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Recycling Lithium-Ion Batteries from Electric Vehicles

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Recycling Lithium-Ion Batteries from Electric Vehicles


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Electric vehicles may ease global warming, but more efficient ways to recycle their batteries are needed.

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  • Analytical
  • Innovative
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The burgeoning electric vehicle industry already provides some relief to conservationists concerned about global warming, but dealing with their end-of-life batteries presents significant challenges. Processes for recycling spent lithium-ion batteries are being refined to extract their valuable raw components, or make them available for second use in power grids. To maximize this technology, the authors of this detailed article suggest that manufacturers must design more efficient, standardized batteries that are simpler and less hazardous to produce, re-use and recycle.  


Conservationists and scientists must focus on reducing waste in the process of recycling lithium-ion batteries (LIBs).

Electric vehicle sales exceeded one million in 2017 for the first time. The market for them continues to grow, in part because they may help slow global warming and air pollution. Recycling challenges include safely storing used batteries, testing and dismantling them, and chemically separating their materials.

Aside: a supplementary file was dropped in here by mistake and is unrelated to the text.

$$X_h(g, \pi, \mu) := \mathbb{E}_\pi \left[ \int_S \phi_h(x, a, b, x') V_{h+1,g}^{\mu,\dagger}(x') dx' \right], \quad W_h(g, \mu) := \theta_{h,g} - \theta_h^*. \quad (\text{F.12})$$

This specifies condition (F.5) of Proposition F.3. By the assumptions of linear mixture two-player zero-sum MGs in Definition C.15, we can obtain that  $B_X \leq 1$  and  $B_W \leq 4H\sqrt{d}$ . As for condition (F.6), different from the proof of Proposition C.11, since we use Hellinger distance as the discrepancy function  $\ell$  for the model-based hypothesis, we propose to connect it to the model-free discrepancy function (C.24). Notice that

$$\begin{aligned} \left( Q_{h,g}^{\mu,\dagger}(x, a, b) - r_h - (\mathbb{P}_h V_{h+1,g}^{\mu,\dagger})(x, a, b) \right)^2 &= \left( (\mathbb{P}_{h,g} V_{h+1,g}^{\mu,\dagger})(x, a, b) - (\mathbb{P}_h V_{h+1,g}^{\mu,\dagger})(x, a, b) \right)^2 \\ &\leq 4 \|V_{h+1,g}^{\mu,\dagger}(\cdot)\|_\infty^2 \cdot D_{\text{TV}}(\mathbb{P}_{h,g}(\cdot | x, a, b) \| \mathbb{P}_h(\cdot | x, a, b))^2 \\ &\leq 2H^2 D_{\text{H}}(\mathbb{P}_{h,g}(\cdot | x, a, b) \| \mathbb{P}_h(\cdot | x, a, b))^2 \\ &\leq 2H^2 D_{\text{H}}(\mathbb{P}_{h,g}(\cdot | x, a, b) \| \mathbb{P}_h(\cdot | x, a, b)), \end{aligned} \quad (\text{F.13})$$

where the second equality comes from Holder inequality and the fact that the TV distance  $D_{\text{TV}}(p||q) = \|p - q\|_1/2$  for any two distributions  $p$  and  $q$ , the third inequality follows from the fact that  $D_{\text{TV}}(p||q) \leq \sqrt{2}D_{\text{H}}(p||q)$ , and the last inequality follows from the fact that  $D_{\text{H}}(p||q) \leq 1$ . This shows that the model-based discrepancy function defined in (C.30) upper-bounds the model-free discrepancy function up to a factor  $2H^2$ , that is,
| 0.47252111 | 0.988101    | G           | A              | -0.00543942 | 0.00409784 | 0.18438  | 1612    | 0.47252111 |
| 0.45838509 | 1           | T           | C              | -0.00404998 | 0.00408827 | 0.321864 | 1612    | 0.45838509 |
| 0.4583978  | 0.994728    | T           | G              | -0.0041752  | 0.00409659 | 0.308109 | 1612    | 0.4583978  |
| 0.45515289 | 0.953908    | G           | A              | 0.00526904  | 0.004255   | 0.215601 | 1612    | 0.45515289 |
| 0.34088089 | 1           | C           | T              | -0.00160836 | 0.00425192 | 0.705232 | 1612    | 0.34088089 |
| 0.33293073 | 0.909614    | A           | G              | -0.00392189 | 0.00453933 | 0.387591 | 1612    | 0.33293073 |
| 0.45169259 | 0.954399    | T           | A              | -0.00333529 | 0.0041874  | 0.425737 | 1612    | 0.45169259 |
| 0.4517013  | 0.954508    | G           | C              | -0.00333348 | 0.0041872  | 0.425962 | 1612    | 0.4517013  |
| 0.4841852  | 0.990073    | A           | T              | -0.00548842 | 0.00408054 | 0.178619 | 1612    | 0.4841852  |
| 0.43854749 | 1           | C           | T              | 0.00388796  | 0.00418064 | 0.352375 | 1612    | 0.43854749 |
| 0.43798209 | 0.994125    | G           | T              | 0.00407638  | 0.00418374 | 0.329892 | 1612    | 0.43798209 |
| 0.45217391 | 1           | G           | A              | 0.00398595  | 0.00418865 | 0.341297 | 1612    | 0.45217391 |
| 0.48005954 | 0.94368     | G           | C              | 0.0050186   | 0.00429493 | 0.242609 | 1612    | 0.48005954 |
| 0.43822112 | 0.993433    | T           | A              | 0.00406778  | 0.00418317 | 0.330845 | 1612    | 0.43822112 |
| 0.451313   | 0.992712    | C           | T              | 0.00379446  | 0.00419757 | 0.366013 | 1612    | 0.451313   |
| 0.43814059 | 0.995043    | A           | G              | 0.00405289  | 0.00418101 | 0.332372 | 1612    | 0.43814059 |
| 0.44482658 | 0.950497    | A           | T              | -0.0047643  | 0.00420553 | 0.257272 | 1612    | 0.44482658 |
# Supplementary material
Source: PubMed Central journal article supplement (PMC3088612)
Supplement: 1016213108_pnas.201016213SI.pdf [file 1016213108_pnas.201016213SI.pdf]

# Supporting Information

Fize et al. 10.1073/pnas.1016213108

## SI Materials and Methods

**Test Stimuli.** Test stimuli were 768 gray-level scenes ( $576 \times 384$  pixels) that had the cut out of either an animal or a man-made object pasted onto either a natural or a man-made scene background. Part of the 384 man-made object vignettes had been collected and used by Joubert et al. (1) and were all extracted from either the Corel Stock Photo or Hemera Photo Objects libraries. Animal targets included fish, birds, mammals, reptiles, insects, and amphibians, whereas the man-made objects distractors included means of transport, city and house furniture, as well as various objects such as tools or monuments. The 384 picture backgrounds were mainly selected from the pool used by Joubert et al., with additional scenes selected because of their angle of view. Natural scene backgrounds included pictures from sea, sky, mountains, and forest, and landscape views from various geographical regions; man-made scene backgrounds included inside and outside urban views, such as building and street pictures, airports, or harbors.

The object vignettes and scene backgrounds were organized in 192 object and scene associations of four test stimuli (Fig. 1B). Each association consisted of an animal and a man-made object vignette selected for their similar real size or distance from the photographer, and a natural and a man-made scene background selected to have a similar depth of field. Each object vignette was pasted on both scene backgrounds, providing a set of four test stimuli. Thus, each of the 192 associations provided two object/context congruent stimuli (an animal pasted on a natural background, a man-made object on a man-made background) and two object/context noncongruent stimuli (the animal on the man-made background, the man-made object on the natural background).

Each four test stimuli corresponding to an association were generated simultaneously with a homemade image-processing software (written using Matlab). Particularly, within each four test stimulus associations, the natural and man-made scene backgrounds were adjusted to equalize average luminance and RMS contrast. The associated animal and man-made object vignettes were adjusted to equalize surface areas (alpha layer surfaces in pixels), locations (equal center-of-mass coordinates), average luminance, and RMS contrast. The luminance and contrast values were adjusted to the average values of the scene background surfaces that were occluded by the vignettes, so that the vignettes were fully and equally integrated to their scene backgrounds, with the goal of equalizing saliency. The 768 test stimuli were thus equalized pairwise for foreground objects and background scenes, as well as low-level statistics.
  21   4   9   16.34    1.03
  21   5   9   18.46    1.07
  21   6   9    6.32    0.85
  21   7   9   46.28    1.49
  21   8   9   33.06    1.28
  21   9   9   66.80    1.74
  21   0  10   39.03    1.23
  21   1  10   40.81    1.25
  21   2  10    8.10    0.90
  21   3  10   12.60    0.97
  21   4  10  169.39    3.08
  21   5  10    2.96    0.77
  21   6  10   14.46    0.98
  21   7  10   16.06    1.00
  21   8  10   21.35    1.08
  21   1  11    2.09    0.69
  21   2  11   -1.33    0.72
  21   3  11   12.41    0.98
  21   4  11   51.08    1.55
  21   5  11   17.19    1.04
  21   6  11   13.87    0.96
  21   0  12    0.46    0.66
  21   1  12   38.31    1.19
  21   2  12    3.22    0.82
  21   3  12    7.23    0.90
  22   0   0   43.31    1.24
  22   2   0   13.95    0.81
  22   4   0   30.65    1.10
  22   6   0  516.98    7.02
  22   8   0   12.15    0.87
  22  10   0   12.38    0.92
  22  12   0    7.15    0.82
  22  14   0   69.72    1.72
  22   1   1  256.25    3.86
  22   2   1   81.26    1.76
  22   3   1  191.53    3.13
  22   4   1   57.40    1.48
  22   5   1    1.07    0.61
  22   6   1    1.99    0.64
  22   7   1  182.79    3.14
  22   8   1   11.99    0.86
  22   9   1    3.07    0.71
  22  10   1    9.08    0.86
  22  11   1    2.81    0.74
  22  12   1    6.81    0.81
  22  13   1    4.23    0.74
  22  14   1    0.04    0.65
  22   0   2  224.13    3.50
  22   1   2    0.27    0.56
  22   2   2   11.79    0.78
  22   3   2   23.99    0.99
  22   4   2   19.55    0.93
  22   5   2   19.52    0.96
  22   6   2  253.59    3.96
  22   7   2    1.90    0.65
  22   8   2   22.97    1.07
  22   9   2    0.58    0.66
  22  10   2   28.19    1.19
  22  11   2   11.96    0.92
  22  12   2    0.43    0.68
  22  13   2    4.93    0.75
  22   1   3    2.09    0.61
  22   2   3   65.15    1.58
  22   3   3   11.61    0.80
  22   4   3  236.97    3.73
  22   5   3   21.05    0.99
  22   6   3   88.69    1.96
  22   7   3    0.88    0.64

Emergent markets for re-purposed battery storage include electrical grids, especially those dependent upon renewable energy sources. But storing used lithium-ion batteries at recovery plants presents significant risks such as fires, often caused by the mixing of LIBs with standard lead-acid batteries in the consumer waste stream.

Sustaining electric vehicle production requires the international coordination of recycling programs.

Raw earth minerals used to construct LIBs are in limited supply. For example, cobalt is mined mainly in the politically unstable Democratic Republic of the Congo, resulting in price uncertainties and concerns about child labor. Mining and...

About the Authors

Gavin Harper is a Faraday Institution Research Fellow at the University of Birmingham and responsible for the development of the Birmingham Energy Institute. Paul Anderson is a reader in inorganic and materials chemistry and leader of the Materials Chemistry Research Theme in the School of Chemistry at the University of Birmingham.

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